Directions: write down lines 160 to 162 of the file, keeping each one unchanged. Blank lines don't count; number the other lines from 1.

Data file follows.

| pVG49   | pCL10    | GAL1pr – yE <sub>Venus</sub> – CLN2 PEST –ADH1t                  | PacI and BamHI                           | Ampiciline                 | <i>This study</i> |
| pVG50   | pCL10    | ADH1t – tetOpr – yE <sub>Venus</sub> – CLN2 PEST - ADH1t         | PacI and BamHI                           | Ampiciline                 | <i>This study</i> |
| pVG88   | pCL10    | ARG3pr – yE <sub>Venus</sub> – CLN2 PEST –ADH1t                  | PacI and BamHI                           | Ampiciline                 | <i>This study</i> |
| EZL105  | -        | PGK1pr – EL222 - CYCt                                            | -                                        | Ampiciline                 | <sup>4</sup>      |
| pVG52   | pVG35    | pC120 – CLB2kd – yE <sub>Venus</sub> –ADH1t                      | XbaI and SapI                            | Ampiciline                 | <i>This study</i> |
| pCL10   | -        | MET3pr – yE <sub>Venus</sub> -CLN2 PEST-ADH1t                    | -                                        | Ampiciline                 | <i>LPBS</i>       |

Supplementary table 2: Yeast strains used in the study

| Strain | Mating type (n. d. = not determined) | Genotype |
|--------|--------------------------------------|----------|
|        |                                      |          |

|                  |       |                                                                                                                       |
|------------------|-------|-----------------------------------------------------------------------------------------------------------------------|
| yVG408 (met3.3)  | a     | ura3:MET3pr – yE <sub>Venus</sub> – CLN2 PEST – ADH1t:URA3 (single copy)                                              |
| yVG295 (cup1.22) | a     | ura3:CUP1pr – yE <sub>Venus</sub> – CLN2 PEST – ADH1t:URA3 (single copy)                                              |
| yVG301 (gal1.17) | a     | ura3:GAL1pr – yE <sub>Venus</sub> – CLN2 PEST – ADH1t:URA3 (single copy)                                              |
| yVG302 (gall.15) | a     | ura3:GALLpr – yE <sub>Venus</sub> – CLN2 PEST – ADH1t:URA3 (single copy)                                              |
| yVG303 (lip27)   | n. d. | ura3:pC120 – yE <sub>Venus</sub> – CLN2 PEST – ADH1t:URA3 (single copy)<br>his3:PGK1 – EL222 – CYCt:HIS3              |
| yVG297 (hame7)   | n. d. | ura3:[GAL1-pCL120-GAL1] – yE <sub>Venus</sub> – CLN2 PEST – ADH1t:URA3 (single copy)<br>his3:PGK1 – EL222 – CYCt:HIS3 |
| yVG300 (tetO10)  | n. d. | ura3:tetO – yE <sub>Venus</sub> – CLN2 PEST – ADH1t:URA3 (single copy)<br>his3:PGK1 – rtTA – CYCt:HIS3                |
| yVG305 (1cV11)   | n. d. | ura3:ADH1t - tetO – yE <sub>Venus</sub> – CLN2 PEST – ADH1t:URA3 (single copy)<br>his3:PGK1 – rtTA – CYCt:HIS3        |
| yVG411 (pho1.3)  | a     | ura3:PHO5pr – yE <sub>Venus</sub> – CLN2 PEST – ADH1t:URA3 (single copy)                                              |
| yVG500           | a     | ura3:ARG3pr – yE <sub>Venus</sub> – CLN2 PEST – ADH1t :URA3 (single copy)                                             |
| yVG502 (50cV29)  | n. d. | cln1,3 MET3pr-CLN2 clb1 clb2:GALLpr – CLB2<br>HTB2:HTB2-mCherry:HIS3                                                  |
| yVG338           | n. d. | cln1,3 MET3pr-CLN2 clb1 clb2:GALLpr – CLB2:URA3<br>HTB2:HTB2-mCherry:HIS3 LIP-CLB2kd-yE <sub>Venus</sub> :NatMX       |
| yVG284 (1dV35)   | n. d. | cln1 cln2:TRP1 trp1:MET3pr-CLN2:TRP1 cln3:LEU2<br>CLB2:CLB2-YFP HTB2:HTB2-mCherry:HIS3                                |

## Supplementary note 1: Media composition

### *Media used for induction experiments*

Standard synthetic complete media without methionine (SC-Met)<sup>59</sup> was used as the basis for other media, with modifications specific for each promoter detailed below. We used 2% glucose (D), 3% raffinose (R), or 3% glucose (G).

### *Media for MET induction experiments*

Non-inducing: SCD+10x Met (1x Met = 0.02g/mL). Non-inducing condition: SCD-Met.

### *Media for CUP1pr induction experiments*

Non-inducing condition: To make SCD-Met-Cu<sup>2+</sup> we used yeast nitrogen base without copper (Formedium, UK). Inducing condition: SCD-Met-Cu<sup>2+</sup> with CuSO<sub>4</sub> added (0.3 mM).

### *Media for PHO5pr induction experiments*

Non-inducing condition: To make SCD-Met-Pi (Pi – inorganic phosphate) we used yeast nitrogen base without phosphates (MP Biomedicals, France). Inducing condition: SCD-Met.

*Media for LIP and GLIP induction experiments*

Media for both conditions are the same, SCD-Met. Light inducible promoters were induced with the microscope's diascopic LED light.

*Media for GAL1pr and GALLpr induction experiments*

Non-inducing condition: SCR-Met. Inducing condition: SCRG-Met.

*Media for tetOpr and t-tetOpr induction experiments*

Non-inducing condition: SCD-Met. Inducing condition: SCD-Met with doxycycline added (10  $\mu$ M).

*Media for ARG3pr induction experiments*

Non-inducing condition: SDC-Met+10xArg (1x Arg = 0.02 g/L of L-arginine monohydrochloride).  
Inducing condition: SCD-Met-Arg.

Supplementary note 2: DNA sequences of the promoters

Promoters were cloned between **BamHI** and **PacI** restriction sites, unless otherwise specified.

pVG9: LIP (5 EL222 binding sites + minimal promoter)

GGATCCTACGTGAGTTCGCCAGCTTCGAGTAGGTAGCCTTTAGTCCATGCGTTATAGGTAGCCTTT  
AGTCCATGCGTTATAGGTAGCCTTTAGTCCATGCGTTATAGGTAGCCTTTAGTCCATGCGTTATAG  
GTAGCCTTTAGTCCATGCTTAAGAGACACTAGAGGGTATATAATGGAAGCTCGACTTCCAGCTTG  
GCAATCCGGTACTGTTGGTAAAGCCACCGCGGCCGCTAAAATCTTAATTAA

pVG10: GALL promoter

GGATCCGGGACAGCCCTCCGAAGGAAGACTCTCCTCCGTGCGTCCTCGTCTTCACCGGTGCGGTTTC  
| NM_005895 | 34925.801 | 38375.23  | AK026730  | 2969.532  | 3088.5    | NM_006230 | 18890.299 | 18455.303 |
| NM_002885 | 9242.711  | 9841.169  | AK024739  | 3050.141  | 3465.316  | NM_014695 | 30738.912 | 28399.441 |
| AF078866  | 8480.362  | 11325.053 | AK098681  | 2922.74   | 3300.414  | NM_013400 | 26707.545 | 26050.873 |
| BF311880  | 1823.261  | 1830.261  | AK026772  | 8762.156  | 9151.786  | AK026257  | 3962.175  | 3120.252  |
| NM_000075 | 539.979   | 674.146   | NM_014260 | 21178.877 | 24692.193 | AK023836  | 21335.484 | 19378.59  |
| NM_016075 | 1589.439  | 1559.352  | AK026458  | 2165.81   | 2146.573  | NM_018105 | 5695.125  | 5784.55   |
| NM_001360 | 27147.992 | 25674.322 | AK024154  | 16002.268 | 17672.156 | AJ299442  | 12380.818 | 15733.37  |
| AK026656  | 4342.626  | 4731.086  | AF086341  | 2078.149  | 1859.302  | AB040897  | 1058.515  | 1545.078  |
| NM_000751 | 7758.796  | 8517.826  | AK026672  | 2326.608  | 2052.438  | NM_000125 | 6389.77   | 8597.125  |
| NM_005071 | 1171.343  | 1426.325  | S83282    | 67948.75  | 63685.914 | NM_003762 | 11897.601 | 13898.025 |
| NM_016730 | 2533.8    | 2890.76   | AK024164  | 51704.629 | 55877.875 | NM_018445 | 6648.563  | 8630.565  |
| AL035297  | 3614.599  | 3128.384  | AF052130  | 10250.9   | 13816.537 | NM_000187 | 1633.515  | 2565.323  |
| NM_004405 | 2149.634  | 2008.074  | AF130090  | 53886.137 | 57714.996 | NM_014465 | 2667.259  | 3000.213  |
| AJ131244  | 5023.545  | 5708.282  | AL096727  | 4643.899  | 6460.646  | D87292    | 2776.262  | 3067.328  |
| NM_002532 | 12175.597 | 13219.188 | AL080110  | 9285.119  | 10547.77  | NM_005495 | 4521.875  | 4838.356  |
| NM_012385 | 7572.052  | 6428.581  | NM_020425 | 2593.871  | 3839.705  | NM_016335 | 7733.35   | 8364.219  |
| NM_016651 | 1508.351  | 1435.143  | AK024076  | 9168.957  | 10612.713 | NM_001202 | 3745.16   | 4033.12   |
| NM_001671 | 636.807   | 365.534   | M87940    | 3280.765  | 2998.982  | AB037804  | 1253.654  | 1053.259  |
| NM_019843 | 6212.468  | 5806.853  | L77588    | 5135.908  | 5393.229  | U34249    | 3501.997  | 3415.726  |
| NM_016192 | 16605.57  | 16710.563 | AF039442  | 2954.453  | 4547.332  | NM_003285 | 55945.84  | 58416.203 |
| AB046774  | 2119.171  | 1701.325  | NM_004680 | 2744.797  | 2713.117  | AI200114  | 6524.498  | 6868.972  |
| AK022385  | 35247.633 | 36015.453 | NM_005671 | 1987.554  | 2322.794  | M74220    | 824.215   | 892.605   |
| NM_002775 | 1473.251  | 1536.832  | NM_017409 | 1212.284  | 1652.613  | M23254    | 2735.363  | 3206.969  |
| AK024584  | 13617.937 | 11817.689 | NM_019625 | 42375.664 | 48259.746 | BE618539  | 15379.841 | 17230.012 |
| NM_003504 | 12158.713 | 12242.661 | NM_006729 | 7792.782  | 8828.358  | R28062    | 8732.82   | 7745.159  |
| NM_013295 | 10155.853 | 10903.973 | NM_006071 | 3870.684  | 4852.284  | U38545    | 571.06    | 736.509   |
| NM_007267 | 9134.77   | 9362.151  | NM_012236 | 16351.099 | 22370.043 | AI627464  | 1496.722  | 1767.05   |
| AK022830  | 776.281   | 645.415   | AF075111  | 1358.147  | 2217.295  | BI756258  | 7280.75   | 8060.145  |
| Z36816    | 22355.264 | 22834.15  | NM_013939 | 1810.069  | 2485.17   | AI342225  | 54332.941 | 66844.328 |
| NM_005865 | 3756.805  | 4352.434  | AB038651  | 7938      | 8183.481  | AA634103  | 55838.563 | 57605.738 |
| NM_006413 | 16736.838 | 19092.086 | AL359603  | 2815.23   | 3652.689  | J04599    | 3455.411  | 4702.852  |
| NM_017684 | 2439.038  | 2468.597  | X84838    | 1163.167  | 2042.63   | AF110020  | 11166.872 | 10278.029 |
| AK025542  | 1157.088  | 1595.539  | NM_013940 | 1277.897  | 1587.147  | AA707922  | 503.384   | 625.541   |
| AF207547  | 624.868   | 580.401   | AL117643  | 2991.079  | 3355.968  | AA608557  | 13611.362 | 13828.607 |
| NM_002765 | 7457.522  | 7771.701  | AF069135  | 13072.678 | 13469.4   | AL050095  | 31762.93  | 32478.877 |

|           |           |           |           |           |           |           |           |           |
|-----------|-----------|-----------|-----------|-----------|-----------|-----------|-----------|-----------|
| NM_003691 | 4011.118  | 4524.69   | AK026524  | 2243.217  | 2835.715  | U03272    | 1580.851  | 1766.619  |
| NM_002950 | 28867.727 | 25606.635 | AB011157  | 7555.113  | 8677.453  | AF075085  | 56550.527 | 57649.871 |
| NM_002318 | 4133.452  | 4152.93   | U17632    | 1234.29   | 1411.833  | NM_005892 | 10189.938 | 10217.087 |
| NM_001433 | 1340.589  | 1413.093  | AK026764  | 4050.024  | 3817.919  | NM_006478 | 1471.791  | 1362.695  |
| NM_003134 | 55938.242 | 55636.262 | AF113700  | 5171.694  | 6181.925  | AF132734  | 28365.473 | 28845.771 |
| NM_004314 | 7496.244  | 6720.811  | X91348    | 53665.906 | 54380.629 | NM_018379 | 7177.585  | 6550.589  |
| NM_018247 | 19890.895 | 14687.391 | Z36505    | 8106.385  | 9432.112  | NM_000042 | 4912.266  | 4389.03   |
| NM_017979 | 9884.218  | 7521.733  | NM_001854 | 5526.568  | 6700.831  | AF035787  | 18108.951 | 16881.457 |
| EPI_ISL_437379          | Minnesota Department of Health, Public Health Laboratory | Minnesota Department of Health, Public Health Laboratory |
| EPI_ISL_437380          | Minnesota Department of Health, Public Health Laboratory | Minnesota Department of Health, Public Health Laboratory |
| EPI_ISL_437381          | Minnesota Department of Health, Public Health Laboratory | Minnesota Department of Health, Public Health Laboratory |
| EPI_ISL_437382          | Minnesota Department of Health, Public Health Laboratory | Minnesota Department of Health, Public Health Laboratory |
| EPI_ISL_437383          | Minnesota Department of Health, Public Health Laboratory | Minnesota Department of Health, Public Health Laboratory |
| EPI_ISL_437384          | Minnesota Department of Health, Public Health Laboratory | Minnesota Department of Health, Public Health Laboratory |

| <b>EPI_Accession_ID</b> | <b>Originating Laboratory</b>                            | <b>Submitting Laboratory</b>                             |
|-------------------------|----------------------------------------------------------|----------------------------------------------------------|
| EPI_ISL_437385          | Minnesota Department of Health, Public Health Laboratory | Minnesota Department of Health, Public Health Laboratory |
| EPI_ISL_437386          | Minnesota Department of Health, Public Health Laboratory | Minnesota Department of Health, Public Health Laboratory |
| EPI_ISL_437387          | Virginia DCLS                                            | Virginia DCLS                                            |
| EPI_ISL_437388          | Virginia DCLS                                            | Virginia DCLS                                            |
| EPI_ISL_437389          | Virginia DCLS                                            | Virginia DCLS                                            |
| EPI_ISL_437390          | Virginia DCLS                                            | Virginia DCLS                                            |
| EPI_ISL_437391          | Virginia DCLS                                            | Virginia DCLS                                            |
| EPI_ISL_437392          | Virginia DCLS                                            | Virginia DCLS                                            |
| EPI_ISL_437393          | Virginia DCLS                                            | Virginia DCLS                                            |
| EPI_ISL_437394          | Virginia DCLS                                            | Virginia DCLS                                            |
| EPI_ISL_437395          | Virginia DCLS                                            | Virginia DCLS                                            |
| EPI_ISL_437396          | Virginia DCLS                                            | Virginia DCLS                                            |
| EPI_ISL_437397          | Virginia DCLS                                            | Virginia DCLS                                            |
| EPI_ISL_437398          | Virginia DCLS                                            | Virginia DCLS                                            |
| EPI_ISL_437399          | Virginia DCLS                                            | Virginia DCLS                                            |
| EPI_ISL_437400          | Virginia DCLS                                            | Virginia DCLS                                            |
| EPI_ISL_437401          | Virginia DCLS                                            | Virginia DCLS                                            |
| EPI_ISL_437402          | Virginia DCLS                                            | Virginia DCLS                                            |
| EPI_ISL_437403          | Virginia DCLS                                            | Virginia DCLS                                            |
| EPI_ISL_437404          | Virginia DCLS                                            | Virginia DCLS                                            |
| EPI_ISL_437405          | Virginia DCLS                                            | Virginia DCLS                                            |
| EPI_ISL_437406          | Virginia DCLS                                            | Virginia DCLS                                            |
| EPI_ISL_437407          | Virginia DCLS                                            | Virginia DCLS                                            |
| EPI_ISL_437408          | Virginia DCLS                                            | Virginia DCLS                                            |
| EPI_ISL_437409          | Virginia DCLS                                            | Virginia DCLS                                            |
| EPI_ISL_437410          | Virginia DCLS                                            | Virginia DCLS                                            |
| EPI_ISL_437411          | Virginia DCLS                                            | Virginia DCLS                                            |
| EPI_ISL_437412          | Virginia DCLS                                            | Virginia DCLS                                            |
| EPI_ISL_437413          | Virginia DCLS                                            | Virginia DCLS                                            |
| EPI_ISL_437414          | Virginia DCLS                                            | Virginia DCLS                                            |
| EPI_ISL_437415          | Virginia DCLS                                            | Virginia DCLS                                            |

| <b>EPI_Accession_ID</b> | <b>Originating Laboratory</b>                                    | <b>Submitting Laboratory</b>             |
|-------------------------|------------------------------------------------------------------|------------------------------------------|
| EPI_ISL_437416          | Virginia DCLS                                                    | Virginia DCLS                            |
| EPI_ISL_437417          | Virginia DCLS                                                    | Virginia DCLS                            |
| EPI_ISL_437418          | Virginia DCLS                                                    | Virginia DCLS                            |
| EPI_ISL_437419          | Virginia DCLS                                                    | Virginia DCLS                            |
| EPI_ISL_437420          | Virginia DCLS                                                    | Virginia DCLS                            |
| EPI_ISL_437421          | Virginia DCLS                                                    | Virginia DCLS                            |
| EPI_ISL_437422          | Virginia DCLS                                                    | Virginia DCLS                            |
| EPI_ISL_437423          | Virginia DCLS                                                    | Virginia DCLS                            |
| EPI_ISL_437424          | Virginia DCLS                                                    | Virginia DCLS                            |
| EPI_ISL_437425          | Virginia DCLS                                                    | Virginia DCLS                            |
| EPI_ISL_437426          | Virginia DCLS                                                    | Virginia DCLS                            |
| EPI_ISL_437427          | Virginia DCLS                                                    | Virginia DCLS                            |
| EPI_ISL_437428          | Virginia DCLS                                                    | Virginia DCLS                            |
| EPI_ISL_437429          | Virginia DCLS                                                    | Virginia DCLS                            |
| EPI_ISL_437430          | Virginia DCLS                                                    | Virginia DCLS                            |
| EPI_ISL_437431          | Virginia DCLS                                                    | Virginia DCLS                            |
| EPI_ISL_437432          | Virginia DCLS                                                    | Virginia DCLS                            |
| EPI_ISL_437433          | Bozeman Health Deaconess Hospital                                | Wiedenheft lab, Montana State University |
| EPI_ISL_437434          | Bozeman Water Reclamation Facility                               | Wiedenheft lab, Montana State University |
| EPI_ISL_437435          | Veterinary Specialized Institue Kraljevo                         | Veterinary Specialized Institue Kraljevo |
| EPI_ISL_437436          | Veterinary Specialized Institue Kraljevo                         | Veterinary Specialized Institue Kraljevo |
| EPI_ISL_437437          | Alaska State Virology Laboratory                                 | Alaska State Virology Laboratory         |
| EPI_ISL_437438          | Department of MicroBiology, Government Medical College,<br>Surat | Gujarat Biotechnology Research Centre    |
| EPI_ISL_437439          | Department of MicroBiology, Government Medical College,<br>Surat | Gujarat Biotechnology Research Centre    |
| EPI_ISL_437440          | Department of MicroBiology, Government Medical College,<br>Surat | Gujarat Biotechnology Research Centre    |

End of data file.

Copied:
| EPI_ISL_437437          | Alaska State Virology Laboratory                                 | Alaska State Virology Laboratory         |
| EPI_ISL_437438          | Department of MicroBiology, Government Medical College,<br>Surat | Gujarat Biotechnology Research Centre    |
| EPI_ISL_437439          | Department of MicroBiology, Government Medical College,<br>Surat | Gujarat Biotechnology Research Centre    |